by Jigar Shah, via Huffington Post
Last year, Bill Gates noted in an interview with Alan Murray of the Wall Street Journal that technologies like solar photovoltaics and LED lights were “cute” but could never deal with the bigger issue of climate change and powering the developing world.
And, this week, writer Marc Gunther wrote in his post that “Germany, once the world’s leading market for solar power, is pulling back its subsidies. Q Cells, once the world’s largest solar company, just went bankrupt.’ This isn’t happy news.”
So, I am writing to point out three things:
1. The solar industry is growing and is significant, but is not going to solve all the ills of carbon;
2. Mistakes are a blessing; and
3. Theory is theory, not a solution
1. Solar Growth: First, let me make note that I, and others, have just spent the last decade in solar creating the solar services industry which, according to the 2011 National Solar Jobs Census published by the Solar Foundation, grew 6.8 percent between 2010 and 2011.
Plus, the solar industry installed $90 billion of equipment last year. That’s double the amount of equipment that was installed for the new coal industry.
And, GTM research and Solar Energy Industries Association (SEIA), issued a report that the showed that U.S. installed 1,855 MW (or 1.86 GW) of solar in 2011 and is expected to install a full gigawatt more than that in 2012: 2.8 GW.
GTM Research and SEIA estimate the U.S. solar market’s total value surpassed $8.4 billion in 2011.
So, solar is winning and growing. But, no one is saying it is the only solution — just a compelling piece of the puzzle.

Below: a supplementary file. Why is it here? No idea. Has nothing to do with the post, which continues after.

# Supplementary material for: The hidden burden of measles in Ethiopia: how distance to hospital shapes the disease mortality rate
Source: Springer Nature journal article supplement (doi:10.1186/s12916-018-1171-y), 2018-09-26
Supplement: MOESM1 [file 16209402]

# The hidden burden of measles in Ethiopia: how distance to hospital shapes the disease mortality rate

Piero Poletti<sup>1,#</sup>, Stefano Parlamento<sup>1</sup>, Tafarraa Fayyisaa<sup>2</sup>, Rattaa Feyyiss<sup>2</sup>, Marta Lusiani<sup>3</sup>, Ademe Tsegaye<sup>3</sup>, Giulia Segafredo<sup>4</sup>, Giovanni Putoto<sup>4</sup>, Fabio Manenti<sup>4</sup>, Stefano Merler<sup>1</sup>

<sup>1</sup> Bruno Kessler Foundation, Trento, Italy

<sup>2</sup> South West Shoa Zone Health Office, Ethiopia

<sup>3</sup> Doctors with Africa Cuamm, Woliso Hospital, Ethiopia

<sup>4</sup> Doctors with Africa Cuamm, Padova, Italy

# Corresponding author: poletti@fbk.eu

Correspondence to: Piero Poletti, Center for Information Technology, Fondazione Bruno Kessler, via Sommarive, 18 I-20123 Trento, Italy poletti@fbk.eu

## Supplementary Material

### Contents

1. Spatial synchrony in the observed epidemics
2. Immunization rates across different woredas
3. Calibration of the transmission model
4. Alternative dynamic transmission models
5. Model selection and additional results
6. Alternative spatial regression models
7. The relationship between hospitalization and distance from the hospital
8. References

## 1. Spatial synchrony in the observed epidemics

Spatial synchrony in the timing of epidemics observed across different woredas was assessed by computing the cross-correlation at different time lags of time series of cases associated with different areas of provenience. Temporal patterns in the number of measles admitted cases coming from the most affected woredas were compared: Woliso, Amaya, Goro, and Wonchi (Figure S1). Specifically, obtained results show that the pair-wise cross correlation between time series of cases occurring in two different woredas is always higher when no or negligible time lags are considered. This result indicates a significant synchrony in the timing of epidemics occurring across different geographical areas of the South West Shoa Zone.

In fact, there is no silver bullet. We must find efficiencies and new solutions in solving the carbon issue in several areas: transport, agriculture, energy, forestry, industry, buildings and waste.
However, when we think about carbon, most of us tend to think of two areas: transportation and electricity. While Bill Gates might label solar and LED lighting as “cute,” the numbers seem to suggest otherwise. Both are billion-dollar industries and together with hundreds of other solutions will help reach the $5+ trillion in new investments necessary to make an impact by 2020.
Remember, we did not get to this point with one major offender, and we will not solve our ills with one major solution.
Gates, however, suggested that we spend more money developing a new generation of energy technologies instead of investing in incremental improvements of today’s energy technologies. He said this at WIRED’s third annual conference, Disruptive by Design.
“Can we, by increasing efficiency [technologies], deal with our climate problem?” Gates asked. “The answer there is basically no, because the climate problem requires more than 90% reduction of CO2 emitted, and no amount of efficiency improvement is enough.”
Again, I disagree with Gates as, in this case, “perfect is the enemy of good.” In solving our CO2 problem, we actually have all of the cost-effective technology need to meet our 2020 goals and more to meet future goals. More R&D is always a good thing, but to suggest the current suite of technologies is not ready is just criminal. Gates certainly didn’t wait for the perfect solutions to Windows before he deployed his beta versions on the world. We are a more productive society because he didn’t wait
[JR: Related Post -- "Bill Gates still doesn’t know how he got rich."]
2. Mistakes Matter: As noted, Marc Gunther believes that Germany pulling back its subsidies, and Q Cells bankruptcy “isn’t happy news.”
I could not disagree more. While I do not wish for things like the Internet bubble, we now have a robust Internet economy. Did it come at a heavy cost at the end of the 90s and early 2000s? Yes.